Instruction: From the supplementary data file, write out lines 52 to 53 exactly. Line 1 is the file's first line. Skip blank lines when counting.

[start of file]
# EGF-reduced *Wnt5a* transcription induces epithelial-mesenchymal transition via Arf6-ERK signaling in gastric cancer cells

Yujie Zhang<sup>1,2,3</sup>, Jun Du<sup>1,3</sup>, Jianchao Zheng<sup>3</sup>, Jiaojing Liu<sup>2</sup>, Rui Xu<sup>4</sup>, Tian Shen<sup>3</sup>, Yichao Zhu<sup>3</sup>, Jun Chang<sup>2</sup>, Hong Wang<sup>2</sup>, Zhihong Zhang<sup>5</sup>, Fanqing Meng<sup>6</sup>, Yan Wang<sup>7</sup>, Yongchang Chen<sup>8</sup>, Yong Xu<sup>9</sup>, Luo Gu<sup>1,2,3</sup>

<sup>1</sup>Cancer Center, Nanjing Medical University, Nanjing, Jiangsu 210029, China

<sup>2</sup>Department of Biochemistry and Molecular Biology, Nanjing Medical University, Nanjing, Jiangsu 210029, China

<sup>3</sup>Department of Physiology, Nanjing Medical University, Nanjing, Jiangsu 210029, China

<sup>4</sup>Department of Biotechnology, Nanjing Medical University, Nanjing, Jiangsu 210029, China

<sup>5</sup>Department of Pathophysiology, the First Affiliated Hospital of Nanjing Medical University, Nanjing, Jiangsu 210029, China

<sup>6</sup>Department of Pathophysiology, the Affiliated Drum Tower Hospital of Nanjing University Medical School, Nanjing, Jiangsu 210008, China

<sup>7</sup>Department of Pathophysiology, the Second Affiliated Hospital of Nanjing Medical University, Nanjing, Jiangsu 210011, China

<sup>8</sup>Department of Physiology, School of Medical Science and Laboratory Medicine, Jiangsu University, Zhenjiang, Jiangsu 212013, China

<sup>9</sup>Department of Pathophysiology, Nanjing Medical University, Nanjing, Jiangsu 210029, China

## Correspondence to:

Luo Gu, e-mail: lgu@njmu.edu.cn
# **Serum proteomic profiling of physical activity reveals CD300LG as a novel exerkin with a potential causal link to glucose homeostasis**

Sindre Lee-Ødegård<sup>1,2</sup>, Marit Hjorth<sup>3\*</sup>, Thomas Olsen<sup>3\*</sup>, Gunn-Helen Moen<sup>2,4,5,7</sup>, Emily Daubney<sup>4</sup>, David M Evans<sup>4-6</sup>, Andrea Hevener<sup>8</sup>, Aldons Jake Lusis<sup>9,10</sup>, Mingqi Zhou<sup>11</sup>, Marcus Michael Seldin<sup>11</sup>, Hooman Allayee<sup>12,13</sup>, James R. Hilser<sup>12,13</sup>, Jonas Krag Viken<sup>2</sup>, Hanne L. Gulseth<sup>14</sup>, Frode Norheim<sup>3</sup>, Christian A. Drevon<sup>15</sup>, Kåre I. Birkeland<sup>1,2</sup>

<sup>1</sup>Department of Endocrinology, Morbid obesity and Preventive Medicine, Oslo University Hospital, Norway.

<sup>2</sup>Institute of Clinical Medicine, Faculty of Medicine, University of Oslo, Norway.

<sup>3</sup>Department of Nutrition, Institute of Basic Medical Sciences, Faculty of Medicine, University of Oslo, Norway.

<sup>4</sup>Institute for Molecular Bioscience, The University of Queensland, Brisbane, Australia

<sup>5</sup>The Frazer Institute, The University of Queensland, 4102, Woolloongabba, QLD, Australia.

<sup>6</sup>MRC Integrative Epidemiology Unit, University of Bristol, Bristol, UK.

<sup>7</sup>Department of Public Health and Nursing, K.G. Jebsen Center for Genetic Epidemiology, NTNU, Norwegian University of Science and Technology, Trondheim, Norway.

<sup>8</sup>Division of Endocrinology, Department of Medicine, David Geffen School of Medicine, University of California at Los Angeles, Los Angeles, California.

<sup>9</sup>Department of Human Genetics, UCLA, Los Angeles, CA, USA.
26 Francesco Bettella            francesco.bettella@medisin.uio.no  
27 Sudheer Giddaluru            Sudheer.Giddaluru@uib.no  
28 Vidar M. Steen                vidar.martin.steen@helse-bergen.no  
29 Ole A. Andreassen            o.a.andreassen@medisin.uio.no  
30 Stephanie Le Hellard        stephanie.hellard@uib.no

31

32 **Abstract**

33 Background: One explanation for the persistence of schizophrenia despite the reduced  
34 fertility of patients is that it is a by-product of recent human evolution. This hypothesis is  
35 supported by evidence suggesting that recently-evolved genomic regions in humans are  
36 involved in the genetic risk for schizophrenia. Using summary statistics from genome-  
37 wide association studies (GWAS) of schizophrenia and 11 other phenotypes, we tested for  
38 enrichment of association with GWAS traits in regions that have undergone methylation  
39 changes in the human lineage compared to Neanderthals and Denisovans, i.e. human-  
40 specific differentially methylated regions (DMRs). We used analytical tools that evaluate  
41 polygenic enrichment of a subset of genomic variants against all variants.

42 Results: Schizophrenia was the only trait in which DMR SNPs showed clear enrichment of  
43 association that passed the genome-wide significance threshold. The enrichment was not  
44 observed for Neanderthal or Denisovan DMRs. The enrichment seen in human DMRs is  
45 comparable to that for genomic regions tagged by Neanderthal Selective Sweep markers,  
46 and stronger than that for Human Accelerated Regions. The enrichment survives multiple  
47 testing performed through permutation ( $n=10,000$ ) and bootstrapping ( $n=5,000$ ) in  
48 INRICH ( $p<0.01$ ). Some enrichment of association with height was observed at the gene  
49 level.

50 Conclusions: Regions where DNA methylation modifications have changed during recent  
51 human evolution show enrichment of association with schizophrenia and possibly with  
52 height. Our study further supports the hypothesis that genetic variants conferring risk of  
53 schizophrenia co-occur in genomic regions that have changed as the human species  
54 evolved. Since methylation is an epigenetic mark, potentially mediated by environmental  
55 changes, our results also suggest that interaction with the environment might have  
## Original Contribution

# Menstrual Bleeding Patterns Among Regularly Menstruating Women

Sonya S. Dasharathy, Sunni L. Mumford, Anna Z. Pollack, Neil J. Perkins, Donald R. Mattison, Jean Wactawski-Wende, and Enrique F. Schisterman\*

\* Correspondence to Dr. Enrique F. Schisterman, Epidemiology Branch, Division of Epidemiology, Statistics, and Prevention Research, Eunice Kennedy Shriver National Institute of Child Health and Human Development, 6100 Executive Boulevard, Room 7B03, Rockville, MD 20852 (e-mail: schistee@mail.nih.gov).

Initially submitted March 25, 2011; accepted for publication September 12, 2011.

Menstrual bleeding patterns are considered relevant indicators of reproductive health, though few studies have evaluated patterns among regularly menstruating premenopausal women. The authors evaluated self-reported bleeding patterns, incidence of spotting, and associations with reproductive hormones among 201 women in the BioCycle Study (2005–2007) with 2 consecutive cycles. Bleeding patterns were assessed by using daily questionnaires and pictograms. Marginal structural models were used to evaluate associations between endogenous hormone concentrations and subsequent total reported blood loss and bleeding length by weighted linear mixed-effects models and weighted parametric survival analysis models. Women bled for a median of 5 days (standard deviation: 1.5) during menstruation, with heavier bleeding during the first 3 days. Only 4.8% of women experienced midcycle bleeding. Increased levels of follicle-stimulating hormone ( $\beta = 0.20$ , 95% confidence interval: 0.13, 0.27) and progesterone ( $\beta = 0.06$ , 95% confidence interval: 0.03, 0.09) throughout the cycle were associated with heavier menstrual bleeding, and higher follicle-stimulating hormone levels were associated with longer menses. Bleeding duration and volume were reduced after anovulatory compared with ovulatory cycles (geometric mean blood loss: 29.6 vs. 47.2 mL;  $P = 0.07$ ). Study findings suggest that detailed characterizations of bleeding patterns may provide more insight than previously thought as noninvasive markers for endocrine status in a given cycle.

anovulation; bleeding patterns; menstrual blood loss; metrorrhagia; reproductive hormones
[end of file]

53 schizophrenia co-occur in genomic regions that have changed as the human species  
54 evolved. Since methylation is an epigenetic mark, potentially mediated by environmental  